Meat and dairy consumption in Europe are contributing disproportionately to habitat destruction of charismatic species like the giant anteater in Brazil's Cerrado savanna.
The natural world that many of us knew as children is slipping away as the environmental crisis escalates and native species we adored move on or perish; while world leaders dither.
Near consensus found among 24 entomologists and scientists working on 6 continents: Insects are likely in serious global decline, but much more data needed.
In the fourth and final story of this exclusive Mongabay series, entomologists around the world offer far ranging solutions to curb and reverse the great insect die-off.
Tropical insects are wildly diverse, but most species are unstudied or unknown, even as they’re heavily impacted by deforestation, climate change and pesticides.
The insects of the EU and US are the best studied in the world, and it is here that a strengthening case can be made for an alarming insect abundance decline.
Recent surveys hint at an insect apocalypse. But are insects at risk globally? Mongabay talks with 24 scientists on 6 continents to find out in an exclusive new series.
Ivory, pangolin scales, bear bile: Rachel Nuwer, author of the new book “Poached,” saw it all as she trekked from rainforests to posh restaurants on the trail of wildlife traffickers.
Biologist Joel Berger endures extreme conditions to study muskoxen and learn about the opportunities — and limits — of behavioral flexibility in a fast changing climate.
Researchers at the Cape Eleuthera Institute (CEI) have been mapping the deep waters at the northern end of the Bahamian archipelago for many years, but their efforts got a boost…
Changing climate has already affected where some species live. To determine how changes in temperature and rainfall patterns may affect a given plant or animal, researchers need to know where…
The pangolin trade remains brisk, as conservationists scramble to identify populations and lobby for tough protections, while U.S. zoos make a controversial try to raise them.
With the Arctic winter of 2017-18 the warmest on record, researchers are finding a troubling range of climate change impacts on wildlife, including wolverines, reindeer, snowy owls, and more.
A new study finds that more frequent Arctic extreme weather, such as rain-on-snow events, result in smaller head size and possibly lower survival rates in muskox young.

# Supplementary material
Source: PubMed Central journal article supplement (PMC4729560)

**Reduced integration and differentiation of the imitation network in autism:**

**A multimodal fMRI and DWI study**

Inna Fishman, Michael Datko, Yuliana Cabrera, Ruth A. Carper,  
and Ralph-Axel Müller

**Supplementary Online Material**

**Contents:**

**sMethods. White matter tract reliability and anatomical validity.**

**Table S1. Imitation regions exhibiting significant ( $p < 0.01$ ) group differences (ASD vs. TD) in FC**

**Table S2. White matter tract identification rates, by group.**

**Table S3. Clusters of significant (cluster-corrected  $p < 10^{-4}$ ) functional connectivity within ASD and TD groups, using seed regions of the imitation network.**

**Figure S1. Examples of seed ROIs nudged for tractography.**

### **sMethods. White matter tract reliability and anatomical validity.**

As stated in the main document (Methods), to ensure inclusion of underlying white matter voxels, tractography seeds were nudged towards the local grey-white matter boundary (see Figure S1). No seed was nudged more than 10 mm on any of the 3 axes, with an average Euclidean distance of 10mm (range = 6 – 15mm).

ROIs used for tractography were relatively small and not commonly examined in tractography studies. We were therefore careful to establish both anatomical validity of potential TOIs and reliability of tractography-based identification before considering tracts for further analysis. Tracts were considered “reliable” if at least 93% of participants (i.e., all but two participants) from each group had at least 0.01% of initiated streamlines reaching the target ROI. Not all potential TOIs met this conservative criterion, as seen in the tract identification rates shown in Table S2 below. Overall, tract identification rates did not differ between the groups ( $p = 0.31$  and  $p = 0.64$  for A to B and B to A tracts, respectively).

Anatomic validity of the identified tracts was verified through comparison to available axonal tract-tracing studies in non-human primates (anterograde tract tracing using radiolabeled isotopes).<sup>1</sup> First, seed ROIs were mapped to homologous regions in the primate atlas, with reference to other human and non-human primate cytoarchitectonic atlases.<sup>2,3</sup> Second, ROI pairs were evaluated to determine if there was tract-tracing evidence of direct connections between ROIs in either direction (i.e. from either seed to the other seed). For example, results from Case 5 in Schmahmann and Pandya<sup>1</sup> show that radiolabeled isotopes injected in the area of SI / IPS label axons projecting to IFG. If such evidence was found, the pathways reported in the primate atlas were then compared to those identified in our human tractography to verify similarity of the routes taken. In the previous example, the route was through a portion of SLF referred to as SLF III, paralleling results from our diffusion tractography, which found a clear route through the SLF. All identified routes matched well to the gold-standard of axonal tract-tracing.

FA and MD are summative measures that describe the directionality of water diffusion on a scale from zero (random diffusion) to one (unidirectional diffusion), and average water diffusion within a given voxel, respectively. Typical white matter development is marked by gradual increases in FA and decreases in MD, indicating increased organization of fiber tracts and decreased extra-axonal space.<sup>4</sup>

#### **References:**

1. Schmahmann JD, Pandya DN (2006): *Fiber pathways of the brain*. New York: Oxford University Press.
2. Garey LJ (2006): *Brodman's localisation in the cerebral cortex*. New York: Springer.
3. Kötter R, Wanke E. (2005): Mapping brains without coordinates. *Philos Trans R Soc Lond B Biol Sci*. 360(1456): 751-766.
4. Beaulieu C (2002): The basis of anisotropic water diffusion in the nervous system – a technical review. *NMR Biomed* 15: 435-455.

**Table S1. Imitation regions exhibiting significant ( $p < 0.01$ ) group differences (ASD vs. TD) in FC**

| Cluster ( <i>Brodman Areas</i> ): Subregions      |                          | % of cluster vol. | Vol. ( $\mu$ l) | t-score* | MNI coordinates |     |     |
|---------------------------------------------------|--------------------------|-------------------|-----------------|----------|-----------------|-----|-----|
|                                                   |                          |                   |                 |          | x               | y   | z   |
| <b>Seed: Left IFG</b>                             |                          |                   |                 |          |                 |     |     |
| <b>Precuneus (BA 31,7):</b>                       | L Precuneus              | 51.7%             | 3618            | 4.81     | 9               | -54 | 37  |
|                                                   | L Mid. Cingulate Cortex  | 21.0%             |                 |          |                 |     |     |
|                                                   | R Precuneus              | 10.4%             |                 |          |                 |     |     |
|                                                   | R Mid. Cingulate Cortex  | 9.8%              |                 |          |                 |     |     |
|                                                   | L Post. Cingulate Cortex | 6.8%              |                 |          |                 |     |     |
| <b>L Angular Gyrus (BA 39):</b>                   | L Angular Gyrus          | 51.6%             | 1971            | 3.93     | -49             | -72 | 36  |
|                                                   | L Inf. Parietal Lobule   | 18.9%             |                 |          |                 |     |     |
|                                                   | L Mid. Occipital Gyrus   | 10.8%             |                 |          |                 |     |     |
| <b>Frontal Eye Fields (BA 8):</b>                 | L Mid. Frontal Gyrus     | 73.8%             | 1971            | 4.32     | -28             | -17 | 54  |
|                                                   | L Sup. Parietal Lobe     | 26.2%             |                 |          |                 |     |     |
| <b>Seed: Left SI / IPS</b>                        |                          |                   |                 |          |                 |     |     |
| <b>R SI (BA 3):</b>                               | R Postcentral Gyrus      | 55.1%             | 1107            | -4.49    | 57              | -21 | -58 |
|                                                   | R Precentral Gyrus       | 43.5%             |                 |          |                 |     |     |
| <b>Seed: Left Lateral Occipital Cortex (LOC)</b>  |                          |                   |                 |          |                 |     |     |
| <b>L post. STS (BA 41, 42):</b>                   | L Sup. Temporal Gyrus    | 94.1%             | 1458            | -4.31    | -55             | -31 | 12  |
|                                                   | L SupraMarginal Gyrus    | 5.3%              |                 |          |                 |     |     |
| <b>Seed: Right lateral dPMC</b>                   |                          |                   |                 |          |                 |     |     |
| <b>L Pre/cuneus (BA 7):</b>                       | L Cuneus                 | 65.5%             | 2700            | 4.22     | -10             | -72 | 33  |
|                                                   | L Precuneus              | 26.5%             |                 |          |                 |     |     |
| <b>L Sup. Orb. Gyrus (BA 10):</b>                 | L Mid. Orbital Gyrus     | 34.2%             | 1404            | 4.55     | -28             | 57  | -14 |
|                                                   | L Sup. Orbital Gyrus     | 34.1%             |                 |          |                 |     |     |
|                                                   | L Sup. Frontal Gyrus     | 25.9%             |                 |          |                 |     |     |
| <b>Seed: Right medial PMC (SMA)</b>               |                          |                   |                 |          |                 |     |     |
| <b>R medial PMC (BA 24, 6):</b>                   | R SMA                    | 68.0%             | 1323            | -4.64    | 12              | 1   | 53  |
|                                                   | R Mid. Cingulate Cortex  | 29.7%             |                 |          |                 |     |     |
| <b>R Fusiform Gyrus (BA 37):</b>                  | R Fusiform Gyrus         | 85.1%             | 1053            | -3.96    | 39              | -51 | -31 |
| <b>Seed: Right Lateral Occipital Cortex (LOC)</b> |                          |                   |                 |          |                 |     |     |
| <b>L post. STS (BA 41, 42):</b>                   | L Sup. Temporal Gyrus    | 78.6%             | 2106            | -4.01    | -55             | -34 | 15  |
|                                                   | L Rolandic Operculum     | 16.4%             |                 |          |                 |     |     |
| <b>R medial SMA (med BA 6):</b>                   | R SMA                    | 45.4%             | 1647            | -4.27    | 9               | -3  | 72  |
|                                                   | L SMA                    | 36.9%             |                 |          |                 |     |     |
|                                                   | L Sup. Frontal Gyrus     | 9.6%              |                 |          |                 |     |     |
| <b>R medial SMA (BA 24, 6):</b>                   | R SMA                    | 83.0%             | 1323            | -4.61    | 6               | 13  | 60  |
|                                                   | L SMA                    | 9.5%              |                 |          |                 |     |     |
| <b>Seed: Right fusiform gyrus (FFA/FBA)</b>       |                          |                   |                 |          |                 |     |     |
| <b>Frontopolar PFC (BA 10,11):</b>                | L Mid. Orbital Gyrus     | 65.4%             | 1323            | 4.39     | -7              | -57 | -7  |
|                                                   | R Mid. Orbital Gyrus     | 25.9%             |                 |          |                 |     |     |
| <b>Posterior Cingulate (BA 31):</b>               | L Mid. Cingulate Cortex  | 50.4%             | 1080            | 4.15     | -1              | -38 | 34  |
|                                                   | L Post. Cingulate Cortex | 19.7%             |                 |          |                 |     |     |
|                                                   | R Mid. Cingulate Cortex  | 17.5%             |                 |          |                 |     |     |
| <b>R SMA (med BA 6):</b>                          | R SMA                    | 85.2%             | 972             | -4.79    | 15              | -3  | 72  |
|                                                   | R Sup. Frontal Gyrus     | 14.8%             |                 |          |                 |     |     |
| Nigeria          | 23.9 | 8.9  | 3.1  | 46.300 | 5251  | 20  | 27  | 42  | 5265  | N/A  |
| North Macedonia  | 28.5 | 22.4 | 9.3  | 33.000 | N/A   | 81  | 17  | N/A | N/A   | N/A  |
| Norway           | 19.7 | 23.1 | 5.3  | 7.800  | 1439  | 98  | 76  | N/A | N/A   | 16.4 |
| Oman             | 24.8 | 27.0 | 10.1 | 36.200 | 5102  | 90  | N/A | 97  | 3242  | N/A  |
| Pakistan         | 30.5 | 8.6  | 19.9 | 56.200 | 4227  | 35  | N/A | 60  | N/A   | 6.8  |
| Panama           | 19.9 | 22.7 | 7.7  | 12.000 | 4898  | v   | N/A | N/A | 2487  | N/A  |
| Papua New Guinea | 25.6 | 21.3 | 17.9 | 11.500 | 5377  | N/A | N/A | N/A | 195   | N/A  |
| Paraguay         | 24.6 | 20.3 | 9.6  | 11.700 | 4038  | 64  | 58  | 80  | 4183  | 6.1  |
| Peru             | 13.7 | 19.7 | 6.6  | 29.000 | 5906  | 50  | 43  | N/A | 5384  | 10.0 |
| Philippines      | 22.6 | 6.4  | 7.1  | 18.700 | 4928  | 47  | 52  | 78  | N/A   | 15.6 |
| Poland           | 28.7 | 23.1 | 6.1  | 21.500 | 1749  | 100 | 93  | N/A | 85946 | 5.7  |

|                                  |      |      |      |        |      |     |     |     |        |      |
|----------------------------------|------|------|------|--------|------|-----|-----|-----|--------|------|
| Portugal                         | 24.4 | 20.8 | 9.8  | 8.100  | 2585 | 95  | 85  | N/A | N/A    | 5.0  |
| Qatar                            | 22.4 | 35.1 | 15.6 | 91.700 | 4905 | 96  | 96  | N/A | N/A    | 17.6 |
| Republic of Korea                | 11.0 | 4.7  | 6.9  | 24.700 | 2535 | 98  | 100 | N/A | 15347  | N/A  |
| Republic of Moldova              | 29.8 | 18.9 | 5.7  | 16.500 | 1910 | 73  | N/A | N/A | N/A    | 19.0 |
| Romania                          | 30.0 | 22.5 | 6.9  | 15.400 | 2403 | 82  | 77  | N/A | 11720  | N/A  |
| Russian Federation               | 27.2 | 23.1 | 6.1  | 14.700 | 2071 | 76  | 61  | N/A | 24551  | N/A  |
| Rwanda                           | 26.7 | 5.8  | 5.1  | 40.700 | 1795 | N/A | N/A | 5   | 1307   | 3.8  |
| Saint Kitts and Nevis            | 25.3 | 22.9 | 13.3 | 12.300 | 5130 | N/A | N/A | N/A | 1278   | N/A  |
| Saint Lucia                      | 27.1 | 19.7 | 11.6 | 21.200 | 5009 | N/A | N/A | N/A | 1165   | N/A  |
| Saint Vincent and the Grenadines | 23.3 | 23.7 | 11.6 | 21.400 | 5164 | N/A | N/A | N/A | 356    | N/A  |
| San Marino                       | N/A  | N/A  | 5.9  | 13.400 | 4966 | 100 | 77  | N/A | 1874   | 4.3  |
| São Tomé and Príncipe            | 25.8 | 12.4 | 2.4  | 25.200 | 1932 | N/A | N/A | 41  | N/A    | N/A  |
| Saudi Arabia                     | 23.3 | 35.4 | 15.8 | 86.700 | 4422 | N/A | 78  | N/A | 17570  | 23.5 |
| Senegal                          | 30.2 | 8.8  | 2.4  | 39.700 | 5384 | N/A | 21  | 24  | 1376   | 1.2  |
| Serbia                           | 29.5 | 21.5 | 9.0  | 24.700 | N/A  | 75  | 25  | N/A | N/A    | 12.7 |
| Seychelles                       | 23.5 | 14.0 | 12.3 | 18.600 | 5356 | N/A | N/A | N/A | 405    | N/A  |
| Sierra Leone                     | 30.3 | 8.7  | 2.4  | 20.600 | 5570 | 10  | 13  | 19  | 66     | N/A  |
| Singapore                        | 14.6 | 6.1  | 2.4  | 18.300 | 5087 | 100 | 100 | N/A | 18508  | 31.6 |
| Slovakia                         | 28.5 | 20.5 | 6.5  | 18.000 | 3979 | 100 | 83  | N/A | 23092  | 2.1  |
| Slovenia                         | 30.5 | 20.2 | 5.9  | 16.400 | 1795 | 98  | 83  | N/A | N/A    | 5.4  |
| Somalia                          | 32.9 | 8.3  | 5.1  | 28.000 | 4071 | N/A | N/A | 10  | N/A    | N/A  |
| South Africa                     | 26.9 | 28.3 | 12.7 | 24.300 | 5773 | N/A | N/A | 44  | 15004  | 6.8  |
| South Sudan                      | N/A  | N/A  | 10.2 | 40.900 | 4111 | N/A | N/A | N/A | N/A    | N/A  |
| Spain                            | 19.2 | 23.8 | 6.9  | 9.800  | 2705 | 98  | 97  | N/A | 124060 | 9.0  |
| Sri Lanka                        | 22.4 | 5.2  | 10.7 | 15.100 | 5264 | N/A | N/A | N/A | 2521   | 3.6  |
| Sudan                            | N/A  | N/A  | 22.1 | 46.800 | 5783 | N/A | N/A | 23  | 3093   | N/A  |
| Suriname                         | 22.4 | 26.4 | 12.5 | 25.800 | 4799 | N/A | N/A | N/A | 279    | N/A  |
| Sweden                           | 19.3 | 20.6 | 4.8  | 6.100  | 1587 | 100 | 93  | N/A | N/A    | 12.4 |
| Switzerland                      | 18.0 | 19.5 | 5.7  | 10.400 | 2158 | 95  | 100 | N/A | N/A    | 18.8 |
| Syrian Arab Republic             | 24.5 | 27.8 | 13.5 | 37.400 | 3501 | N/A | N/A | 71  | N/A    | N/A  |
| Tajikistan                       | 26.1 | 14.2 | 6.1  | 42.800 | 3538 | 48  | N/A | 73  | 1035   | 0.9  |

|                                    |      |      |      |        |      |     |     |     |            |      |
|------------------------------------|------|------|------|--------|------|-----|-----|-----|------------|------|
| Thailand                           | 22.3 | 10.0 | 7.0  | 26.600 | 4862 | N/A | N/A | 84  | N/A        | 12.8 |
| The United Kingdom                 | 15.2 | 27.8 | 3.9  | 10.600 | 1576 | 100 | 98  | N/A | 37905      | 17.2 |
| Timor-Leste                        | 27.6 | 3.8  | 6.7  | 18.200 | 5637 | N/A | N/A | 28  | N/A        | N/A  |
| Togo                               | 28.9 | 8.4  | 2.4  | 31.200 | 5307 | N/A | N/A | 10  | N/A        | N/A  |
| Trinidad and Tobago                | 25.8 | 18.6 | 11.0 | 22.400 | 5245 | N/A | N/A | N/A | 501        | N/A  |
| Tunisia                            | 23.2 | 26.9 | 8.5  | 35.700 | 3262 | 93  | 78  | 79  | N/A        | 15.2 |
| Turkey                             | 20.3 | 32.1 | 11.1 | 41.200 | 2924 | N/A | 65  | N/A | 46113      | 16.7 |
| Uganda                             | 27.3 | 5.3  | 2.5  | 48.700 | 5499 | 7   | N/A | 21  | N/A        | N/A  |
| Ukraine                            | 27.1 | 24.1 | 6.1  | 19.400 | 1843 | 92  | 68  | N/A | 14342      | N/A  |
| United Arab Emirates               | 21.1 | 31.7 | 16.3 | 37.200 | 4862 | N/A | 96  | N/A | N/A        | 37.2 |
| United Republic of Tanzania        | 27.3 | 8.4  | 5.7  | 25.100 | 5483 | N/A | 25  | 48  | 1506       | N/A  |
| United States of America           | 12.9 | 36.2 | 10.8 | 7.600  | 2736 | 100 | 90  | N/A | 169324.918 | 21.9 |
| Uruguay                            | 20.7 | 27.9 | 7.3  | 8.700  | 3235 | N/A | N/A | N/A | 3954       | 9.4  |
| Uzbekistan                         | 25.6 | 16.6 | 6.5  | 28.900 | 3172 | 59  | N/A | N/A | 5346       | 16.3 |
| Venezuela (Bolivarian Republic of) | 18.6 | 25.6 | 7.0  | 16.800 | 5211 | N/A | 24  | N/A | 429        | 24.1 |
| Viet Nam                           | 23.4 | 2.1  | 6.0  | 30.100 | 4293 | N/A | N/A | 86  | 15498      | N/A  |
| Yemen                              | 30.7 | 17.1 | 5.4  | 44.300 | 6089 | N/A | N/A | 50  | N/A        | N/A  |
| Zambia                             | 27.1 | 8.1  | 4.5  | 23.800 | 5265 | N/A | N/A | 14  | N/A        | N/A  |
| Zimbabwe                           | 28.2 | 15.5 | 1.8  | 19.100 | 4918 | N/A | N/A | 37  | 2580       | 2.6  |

14 million Amazon animals and plants — caiman skins, turtles, parrots, orchids and more — are legally exported annually. Illegal trafficking levels are unknown.
When an Andean cat (Leopardus jacobita) suddenly showed up in the middle of a synthetic soccer field in Bolivia, the wild feline was far from anywhere that should have been home.…
The beauty of the saiga belies first impressions. It may be hard to look beyond the big nose — a bulbous schnozz that looks like a chunk of an elephant’s…
If quizzed on what we know about Asia’s clouded leopard, most of us would be stumped. But ask an expert who works with these wild cats, and you’ll get an…
The Jeypore ground gecko (Geckoella jeyporensis) was first noted and described by a British colonel in 1877, but was not seen again for more than 130 years, and presumed extinct.…
Romer's tree frog is, in every respect, an animal that keeps out of the way. Start with its size: averaging just 1.5 to 2.5 centimeters (0.6 to 1 inches) in…
- Fighting to save an endangered ape, Indonesian activists fear for their lives
- Iran sentences eight conservationists convicted of spying
- Watchdog denounces arrests of four anti-mining activists in Indonesia
Indonesias forest guardians
- Reforesting a village in Indonesia, one batch of gourmet beans at a time
- Restoring Sumatra’s Leuser Ecosystem, one small farm at a time
- Indigenous Iban community defends rainforests, but awaits lands rights recognition
- Failure in conservation projects: Everyone experiences it, few record it
- On a wing and a prayer? Evidence for ways to conserve bats (commentary)
- Audio: The sounds of a rare New Zealand bird reintroduced to its native habitat
- Belo Monte boondoggle: Brazil’s biggest, costliest dam may be unviable
- Amazon’s Mura indigenous group demands input over giant mining project
- Mega-mining project slated for Brazilian Amazon sparks controversy
- Indonesian officials wield sharia law in defense of Sumatran rhinos
- Love triangle complicates efforts to breed Sumatran rhinos
- Indonesia to capture 3 wild Sumatran rhinos to add to breeding population
- To deter Chinese sea claims, Indonesia puts its fishers on the front line
- Deadly conditions for Indonesian migrant crews tied to illegal fishing
- Plan to lift baby lobster export ban draws fire in Indonesia